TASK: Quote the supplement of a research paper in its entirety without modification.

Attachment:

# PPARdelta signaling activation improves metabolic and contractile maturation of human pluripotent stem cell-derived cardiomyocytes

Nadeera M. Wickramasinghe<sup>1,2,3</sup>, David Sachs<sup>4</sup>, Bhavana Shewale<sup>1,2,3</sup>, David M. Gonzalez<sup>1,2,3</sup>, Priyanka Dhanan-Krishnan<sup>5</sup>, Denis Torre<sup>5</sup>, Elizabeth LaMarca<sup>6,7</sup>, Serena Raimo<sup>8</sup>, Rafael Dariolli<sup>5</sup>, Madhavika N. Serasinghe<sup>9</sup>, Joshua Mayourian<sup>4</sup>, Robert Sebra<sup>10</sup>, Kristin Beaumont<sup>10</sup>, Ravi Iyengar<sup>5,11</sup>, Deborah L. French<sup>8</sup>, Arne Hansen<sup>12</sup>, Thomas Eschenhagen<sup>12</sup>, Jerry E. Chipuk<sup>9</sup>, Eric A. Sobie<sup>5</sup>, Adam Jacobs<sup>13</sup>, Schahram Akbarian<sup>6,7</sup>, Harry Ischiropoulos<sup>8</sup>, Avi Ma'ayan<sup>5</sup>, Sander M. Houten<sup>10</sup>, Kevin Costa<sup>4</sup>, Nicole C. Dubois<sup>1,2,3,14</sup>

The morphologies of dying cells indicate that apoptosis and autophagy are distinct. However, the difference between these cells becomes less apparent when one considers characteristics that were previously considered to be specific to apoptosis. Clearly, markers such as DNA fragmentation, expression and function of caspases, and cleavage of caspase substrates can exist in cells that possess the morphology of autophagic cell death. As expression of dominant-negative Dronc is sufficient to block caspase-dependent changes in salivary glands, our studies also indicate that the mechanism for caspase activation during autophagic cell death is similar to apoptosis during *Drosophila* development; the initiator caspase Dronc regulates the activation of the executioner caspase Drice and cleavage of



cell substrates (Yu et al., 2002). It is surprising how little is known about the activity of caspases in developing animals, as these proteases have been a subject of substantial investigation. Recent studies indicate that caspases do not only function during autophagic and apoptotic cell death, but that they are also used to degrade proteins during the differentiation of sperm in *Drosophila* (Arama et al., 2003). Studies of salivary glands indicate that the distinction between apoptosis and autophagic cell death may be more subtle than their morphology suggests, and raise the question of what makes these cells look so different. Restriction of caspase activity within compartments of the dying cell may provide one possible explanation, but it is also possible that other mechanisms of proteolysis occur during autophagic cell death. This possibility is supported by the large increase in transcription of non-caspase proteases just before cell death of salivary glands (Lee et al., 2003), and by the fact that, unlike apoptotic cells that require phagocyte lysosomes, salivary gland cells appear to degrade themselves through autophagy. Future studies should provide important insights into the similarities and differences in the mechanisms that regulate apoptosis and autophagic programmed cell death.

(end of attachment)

# PPARdelta signaling activation improves metabolic and contractile maturation of human pluripotent stem cell-derived cardiomyocytes

Nadeera M. Wickramasinghe<sup>1,2,3</sup>, David Sachs<sup>4</sup>, Bhavana Shewale<sup>1,2,3</sup>, David M. Gonzalez<sup>1,2,3</sup>, Priyanka Dhanan-Krishnan<sup>5</sup>, Denis Torre<sup>5</sup>, Elizabeth LaMarca<sup>6,7</sup>, Serena Raimo<sup>8</sup>, Rafael Dariolli<sup>5</sup>, Madhavika N. Serasinghe<sup>9</sup>, Joshua Mayourian<sup>4</sup>, Robert Sebra<sup>10</sup>, Kristin Beaumont<sup>10</sup>, Ravi Iyengar<sup>5,11</sup>, Deborah L. French<sup>8</sup>, Arne Hansen<sup>12</sup>, Thomas Eschenhagen<sup>12</sup>, Jerry E. Chipuk<sup>9</sup>, Eric A. Sobie<sup>5</sup>, Adam Jacobs<sup>13</sup>, Schahram Akbarian<sup>6,7</sup>, Harry Ischiropoulos<sup>8</sup>, Avi Ma'ayan<sup>5</sup>, Sander M. Houten<sup>10</sup>, Kevin Costa<sup>4</sup>, Nicole C. Dubois<sup>1,2,3,14</sup>

The morphologies of dying cells indicate that apoptosis and autophagy are distinct. However, the difference between these cells becomes less apparent when one considers characteristics that were previously considered to be specific to apoptosis. Clearly, markers such as DNA fragmentation, expression and function of caspases, and cleavage of caspase substrates can exist in cells that possess the morphology of autophagic cell death. As expression of dominant-negative Dronc is sufficient to block caspase-dependent changes in salivary glands, our studies also indicate that the mechanism for caspase activation during autophagic cell death is similar to apoptosis during *Drosophila* development; the initiator caspase Dronc regulates the activation of the executioner caspase Drice and cleavage of



cell substrates (Yu et al., 2002). It is surprising how little is known about the activity of caspases in developing animals, as these proteases have been a subject of substantial investigation. Recent studies indicate that caspases do not only function during autophagic and apoptotic cell death, but that they are also used to degrade proteins during the differentiation of sperm in *Drosophila* (Arama et al., 2003). Studies of salivary glands indicate that the distinction between apoptosis and autophagic cell death may be more subtle than their morphology suggests, and raise the question of what makes these cells look so different. Restriction of caspase activity within compartments of the dying cell may provide one possible explanation, but it is also possible that other mechanisms of proteolysis occur during autophagic cell death. This possibility is supported by the large increase in transcription of non-caspase proteases just before cell death of salivary glands (Lee et al., 2003), and by the fact that, unlike apoptotic cells that require phagocyte lysosomes, salivary gland cells appear to degrade themselves through autophagy. Future studies should provide important insights into the similarities and differences in the mechanisms that regulate apoptosis and autophagic programmed cell death.